Monday, August 10, 2015

Concurrency Again

Scalable Planning
:: by Dr. David DiNucci ::

Hot languages such as Clojure and Python are building concurrency structures into their basic grammar.

Sure, you might want to talk to the operating system about threads, but maybe your language uses different concepts, such as "start this now and get back to me" or "do this later".

Let the translator talk to the OS, while you the coder stay blissfully in your native language sphere.

As I was planning with Glenn, we need to converge computer science with theater a lot more, if folks are to understand at a deeper level what operations research and general systems theory are all about.  Business executives need these concepts as much as coders, if wishing to avail of economies of scale.

It's not just that a website is like a backstage, with JavaScript puppets keeping a user amused, it's like when you direct films, or plays, with casts of thousands, the extras cannot all wait on each other for cues.

They have their instructions, some of which may involve waiting for other processes to finish.  Once you get the ball, run with it.  Many relay races, many Olympic events, are all going at the same time, perhaps with some kind of scheduler (the OS itself?) with a sense of priorities (changing?).

The mirror of a multi-process or multi-threaded back end is an event driven front end.

If a process dispatches a whole lot of worker bee processes to tackle some task, with a "report back when done" instruction, how will the program know when to check back?  Waiting for the teapot to boil is just another form of blocking.

How is work accomplished in the meantime?

That question is often more intuitively answerable when we use a control panel indicator, on some dashboard or in a cockpit, to show "percent complete" and leave it to the human controller, the driver, the pilot, to initiate some next action.

The human controller is likewise a multi-tasker, as is that human's own anatomical infrastructure.  The human body is about as parallel (concurrent) as it gets.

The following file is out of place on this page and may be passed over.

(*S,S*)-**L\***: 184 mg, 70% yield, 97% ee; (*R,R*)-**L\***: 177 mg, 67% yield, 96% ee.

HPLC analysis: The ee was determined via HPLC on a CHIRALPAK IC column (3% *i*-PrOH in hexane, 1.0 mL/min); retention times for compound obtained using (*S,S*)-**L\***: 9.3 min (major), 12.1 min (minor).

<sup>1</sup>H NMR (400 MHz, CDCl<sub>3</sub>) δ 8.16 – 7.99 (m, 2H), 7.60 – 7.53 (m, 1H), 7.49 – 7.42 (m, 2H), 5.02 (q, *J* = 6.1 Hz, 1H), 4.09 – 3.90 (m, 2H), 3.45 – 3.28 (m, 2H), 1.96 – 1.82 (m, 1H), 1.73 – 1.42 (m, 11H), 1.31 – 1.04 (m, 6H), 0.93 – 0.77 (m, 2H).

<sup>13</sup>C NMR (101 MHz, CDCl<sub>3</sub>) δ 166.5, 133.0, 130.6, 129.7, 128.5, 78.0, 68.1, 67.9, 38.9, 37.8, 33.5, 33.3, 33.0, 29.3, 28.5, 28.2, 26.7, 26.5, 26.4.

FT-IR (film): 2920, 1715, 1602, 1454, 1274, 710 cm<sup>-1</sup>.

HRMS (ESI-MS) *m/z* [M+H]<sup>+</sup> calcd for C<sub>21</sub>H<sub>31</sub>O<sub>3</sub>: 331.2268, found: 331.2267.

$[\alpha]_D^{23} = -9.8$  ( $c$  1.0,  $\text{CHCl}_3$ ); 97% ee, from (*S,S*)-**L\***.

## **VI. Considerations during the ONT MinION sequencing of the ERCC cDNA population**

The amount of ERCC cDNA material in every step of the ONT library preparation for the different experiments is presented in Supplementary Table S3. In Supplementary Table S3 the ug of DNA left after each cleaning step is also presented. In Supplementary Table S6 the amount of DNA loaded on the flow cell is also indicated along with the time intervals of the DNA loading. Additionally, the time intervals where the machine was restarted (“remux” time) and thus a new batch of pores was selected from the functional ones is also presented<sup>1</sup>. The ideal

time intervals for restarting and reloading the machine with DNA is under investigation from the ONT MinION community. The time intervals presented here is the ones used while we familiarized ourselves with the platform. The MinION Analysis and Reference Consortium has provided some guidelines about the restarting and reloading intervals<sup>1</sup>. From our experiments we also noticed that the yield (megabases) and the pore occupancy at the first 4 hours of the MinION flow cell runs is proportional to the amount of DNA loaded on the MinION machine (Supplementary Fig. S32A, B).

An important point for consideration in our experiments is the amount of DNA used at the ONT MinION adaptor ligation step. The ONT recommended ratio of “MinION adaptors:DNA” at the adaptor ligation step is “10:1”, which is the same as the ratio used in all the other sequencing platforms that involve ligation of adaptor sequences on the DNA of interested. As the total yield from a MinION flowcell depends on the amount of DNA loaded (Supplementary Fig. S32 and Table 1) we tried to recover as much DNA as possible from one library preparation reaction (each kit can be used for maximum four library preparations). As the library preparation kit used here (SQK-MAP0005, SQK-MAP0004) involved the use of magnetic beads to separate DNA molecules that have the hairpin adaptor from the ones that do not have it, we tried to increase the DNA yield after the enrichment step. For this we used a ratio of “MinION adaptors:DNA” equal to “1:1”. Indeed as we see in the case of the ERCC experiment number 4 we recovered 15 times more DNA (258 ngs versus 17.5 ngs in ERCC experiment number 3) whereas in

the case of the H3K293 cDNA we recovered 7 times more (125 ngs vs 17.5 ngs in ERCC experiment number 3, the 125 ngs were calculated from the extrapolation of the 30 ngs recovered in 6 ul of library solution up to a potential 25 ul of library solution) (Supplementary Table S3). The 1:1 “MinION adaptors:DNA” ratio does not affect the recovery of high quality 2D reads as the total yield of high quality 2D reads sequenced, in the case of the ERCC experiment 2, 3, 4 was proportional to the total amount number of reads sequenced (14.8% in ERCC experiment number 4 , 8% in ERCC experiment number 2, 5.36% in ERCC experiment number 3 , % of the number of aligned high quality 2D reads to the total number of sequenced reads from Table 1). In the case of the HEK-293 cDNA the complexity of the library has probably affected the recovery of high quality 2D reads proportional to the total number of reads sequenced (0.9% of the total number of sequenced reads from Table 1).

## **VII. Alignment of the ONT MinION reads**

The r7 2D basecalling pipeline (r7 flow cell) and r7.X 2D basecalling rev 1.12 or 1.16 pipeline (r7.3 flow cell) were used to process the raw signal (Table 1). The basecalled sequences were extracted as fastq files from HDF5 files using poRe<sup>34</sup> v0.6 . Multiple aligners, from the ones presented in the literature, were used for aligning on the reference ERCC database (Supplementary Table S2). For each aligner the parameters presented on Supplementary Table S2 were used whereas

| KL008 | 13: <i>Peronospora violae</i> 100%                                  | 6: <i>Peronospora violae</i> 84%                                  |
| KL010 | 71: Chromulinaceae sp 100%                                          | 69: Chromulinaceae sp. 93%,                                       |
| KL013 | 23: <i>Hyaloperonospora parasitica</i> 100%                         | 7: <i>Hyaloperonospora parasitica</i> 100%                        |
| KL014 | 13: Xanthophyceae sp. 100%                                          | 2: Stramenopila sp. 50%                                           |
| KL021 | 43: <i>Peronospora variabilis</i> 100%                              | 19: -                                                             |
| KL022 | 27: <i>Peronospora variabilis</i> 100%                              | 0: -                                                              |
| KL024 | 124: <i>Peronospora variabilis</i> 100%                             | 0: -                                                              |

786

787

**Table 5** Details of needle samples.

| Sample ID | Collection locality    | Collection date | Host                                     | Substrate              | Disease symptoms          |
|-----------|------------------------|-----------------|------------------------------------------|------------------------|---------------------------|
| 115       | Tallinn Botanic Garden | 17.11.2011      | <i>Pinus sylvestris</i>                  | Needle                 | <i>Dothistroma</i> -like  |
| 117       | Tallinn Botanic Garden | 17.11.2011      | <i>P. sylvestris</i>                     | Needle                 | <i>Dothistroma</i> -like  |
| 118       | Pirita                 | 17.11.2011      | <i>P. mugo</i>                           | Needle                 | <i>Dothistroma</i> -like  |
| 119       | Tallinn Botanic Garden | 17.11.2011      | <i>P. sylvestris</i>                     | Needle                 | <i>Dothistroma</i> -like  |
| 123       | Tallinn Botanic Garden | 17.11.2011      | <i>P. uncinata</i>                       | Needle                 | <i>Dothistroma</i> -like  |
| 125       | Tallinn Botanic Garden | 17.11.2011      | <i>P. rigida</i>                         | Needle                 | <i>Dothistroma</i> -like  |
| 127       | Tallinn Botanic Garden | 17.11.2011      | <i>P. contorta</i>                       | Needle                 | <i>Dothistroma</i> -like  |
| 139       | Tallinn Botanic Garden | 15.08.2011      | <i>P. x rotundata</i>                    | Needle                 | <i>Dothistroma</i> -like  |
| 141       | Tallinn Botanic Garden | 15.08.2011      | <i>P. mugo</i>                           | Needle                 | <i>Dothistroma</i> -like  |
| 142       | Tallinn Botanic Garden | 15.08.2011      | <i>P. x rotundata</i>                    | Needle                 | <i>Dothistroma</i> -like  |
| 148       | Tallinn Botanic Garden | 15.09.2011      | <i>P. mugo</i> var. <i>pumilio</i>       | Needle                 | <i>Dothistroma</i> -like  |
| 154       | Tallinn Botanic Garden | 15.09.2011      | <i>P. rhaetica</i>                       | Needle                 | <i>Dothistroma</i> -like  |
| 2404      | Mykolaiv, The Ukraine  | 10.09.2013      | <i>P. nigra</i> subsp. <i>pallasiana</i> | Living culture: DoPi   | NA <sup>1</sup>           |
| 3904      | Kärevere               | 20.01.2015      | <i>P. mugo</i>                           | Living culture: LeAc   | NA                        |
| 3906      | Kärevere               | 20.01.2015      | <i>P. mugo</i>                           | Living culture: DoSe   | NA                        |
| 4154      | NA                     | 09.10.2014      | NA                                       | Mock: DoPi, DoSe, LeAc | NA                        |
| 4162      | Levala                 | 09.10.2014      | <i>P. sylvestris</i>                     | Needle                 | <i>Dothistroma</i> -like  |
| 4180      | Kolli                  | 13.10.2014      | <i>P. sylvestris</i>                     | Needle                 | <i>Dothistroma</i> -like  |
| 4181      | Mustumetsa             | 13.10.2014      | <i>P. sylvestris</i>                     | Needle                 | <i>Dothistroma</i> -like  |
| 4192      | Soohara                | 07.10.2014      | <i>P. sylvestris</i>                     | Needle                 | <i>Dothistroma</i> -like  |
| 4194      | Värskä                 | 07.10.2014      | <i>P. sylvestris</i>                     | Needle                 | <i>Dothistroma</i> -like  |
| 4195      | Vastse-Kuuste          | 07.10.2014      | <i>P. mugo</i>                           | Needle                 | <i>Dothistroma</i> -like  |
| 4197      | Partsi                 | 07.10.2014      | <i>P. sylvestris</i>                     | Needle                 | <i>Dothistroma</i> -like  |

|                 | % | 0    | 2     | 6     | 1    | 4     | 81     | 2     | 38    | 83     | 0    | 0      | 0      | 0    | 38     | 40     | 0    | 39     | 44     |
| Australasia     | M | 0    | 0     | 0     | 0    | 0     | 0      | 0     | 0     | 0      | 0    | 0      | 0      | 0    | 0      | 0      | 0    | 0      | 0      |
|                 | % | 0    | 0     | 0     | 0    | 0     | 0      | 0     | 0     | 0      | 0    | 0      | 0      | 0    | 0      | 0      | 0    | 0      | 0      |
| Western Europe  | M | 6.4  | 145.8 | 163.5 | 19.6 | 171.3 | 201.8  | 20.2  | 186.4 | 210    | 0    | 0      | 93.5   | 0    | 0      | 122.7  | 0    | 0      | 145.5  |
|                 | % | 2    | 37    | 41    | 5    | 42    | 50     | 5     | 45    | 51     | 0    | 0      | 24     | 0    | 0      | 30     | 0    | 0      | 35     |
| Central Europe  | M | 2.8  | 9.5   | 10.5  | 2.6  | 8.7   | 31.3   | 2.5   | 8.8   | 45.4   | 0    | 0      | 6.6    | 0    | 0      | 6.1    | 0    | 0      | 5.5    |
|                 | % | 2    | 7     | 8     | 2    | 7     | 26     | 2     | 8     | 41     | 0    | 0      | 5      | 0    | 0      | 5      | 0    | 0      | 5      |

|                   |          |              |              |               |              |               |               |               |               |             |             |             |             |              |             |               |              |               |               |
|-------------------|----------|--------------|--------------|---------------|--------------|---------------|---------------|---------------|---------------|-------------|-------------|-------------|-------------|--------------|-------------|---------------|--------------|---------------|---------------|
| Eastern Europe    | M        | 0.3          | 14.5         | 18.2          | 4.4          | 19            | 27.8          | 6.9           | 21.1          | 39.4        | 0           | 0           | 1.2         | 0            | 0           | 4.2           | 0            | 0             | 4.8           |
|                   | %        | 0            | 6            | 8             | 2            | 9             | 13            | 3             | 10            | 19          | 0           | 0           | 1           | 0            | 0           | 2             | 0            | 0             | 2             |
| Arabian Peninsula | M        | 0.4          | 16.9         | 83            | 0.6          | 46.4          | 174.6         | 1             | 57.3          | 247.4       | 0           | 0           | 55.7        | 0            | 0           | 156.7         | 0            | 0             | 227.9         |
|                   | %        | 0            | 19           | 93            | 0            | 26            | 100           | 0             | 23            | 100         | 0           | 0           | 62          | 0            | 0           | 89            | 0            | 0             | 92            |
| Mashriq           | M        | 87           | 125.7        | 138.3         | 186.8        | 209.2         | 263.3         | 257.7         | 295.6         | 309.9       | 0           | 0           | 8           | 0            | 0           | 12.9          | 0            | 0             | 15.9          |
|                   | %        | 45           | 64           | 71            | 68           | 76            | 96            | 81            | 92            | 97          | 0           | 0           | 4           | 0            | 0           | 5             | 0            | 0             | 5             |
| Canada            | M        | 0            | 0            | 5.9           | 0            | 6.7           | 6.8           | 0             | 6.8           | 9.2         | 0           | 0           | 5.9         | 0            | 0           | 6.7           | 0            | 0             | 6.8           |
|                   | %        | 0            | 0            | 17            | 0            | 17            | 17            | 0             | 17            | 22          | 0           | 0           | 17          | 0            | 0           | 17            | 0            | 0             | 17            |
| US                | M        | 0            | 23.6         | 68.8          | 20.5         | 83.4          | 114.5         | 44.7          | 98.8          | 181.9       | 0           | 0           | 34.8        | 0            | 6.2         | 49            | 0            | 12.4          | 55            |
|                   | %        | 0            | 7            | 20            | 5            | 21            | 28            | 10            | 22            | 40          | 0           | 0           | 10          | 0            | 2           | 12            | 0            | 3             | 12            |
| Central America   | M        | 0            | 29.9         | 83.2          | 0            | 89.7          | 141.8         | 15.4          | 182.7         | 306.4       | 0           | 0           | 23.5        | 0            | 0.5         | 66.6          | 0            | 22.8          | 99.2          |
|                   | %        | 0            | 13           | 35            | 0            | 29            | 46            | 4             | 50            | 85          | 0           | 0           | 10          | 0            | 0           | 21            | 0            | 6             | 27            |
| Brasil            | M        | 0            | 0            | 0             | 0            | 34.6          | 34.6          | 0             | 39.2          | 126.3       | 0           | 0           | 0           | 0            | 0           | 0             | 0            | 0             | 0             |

"This work is now done, so you have the option to do this other thing".  Just an option.

Just because a gun is loaded, doesn't mean you have to fire it.

Yes, military planners confront these same concepts.  A lot of these concepts were initially hammered out in some war-fighting context.

Dr. David DiNucci has done extensive research into concurrency as a topic and has come up with what amounts to a graphical language even choreographers or theater directors might use, to organized dances or plays with lots of non-blocking calls, lots of not waiting amidst waiting.

Many patterns pertain in concurrency diagrams.  A cast of threaded workers, awaiting tasks, is a well-known pattern.  Workers pick tasks off a queue and go off on their own, reporting back when complete.  These workers are also known as "listeners" or "subscribers" or "agents" in the design pattern literature.

From the description of Dr. DiNucci's Scalable Planning @ Amazon:
A new graphical representation called ScalPL (Scalable Planning Language) is then introduced for building even complex concurrent activities of all kinds from those elemental activities, one mind-sized bite at a time. For programmers, structured and object-oriented programming are extended into the concurrent realm, and performance techniques are explored. For the more serious student, axiomatic semantics and proof techniques are covered.
In today's world of Containers and Micro-services in the Cloud, the emphasis is on freeing up components to get work done regardless of the various critical paths through the network.

A given job may get hung up somewhere, waiting for Y to finish, but X and Z have already moved on, free to take on other work.  A well designed ecosystem does not freeze up or get paralyzed when a particular process seizes.  Just make a frozen process back burner and move on.